Event spaces that hold fewer than 10,000 people can begin reopening at 33 percent capacity with up to 100 people indoors and 200 people outdoors, he said. “If we want to go above those limits, you can go up to 150 people indoors with testing requirements for, going from 100 to 150, and then for outdoor events, up to 500 people outdoors with testing.”

McCoy had said earlier that, for events at the county’s Times Union Center to break even, 25 percent attendance is needed.

 

Newest numbers

McCoy began Wednesday’s press conference by announcing five more COVID-related deaths of county residents that had previously been unreported — from a single congregate setting. Nursing homes are required to report deaths to the state but not to the county.

The five victims were a woman in her fifties, two men in their eighties, a woman in her eighties, and a man in his nineties.

This brings the county’s COVID-19 death toll to 358.

As of Wednesday morning, Albany County has had 20,663 confirmed cases of COVID-19, including 59 new cases since Tuesday.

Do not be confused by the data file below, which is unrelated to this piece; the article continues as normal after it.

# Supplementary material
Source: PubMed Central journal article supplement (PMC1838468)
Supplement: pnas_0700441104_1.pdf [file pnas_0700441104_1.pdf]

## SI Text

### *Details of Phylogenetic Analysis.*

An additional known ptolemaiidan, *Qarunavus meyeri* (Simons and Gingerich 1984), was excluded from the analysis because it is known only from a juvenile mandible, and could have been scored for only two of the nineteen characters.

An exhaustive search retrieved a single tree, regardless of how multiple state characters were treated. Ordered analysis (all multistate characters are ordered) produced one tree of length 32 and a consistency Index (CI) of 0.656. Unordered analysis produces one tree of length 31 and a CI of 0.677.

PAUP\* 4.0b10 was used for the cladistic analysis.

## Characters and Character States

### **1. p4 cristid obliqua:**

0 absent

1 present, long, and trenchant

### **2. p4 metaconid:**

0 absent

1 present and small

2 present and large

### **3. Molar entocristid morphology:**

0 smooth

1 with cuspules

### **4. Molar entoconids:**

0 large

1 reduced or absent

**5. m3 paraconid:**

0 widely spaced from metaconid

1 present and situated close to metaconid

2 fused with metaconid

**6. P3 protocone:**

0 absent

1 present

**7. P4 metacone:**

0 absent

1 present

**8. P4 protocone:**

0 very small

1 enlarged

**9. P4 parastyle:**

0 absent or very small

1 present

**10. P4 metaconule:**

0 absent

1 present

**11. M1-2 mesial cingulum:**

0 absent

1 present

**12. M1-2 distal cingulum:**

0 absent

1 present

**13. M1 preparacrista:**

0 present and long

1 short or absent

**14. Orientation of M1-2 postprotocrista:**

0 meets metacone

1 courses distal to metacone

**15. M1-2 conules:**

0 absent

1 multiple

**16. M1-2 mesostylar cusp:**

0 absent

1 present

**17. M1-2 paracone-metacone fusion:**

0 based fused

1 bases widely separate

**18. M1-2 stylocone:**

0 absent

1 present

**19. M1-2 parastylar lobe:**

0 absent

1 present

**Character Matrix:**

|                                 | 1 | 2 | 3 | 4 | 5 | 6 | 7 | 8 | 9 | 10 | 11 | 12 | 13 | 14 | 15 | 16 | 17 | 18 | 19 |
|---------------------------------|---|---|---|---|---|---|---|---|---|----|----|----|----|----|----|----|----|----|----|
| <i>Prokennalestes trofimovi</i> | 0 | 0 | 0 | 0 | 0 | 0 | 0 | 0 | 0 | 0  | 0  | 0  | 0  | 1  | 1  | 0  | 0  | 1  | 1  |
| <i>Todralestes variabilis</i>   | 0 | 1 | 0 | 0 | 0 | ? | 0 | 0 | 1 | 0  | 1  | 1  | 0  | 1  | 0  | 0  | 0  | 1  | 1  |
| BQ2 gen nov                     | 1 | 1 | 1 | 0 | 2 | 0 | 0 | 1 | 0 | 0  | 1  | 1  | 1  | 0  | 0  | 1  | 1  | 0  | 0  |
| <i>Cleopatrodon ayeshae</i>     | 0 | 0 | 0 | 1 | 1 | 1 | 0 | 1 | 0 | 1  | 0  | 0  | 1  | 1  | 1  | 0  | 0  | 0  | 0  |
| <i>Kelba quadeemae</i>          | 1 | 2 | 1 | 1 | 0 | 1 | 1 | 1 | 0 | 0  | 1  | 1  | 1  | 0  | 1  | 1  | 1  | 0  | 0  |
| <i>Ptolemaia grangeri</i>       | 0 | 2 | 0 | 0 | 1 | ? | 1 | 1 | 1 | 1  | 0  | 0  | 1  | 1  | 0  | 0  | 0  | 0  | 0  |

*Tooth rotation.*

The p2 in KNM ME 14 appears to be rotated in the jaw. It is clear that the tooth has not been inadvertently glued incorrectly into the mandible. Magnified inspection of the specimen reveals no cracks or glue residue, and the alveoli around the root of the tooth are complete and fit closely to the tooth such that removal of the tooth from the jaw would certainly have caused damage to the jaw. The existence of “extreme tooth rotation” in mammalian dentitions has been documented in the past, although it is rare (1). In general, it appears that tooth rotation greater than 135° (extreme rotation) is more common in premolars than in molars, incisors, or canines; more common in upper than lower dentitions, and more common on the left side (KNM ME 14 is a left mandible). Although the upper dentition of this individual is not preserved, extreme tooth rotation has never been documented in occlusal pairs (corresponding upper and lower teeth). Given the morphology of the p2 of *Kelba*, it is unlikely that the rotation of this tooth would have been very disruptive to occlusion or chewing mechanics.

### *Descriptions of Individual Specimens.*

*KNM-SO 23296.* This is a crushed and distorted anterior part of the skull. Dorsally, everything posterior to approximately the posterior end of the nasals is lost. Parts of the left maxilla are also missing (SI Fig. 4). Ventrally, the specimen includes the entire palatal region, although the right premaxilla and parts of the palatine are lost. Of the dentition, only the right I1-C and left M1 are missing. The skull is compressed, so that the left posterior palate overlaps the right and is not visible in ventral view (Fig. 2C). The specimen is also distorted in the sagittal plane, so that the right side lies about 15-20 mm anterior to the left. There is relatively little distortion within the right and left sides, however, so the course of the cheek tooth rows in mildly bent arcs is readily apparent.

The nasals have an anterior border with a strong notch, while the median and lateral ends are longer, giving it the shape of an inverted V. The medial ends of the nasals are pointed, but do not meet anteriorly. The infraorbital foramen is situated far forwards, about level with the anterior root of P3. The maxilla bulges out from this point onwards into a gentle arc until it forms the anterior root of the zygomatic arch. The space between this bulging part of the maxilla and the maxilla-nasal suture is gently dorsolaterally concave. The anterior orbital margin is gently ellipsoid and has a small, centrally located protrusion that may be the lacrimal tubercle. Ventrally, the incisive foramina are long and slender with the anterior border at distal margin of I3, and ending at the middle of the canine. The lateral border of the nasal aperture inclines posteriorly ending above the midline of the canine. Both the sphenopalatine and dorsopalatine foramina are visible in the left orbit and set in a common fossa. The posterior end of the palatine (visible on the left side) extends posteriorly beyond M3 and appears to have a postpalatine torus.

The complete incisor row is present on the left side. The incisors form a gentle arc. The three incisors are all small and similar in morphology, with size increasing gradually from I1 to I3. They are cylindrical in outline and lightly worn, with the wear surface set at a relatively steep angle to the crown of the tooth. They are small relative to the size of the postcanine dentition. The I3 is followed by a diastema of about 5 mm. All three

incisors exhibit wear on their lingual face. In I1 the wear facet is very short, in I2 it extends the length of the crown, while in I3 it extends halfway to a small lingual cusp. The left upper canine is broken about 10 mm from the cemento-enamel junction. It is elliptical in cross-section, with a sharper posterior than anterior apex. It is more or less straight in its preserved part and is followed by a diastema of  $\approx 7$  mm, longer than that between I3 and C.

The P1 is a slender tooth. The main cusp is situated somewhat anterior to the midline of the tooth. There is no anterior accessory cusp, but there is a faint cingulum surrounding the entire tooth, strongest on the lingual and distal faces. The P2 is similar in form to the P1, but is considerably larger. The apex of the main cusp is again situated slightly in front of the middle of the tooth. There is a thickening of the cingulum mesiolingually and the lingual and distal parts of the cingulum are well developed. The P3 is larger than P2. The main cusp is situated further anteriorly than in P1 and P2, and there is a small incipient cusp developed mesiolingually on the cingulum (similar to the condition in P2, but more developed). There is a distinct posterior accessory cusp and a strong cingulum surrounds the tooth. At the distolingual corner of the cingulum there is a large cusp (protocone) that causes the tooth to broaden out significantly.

Of the new cases, 39 did not have clear sources of infection identified, 15 had close contact with someone infected with the disease, four were health-care workers or residents of congregate settings, and one had traveled out of state.

The five-day average for new daily positives has decreased to 62.8 from 66.4. There are now 561 active cases in the county, down from 584 on Tuesday.

The number of Albany County residents under quarantine decreased to 1,478 from 1,494. So far, 64,655 residents have completed quarantine. Of those, 20,102 of them had tested positive and recovered. That is an increase of 81 recoveries since Tuesday.

There were four new hospitalizations overnight, and there are still 41 county residents currently hospitalized from the virus, the same number as on Tuesday. There are currently five patients in intensive-care units, up from four yesterday.

As of Tuesday, Albany county’s infection rate, as a seven-day rolling average, was 1.9 percent, according to the state’s dashboard.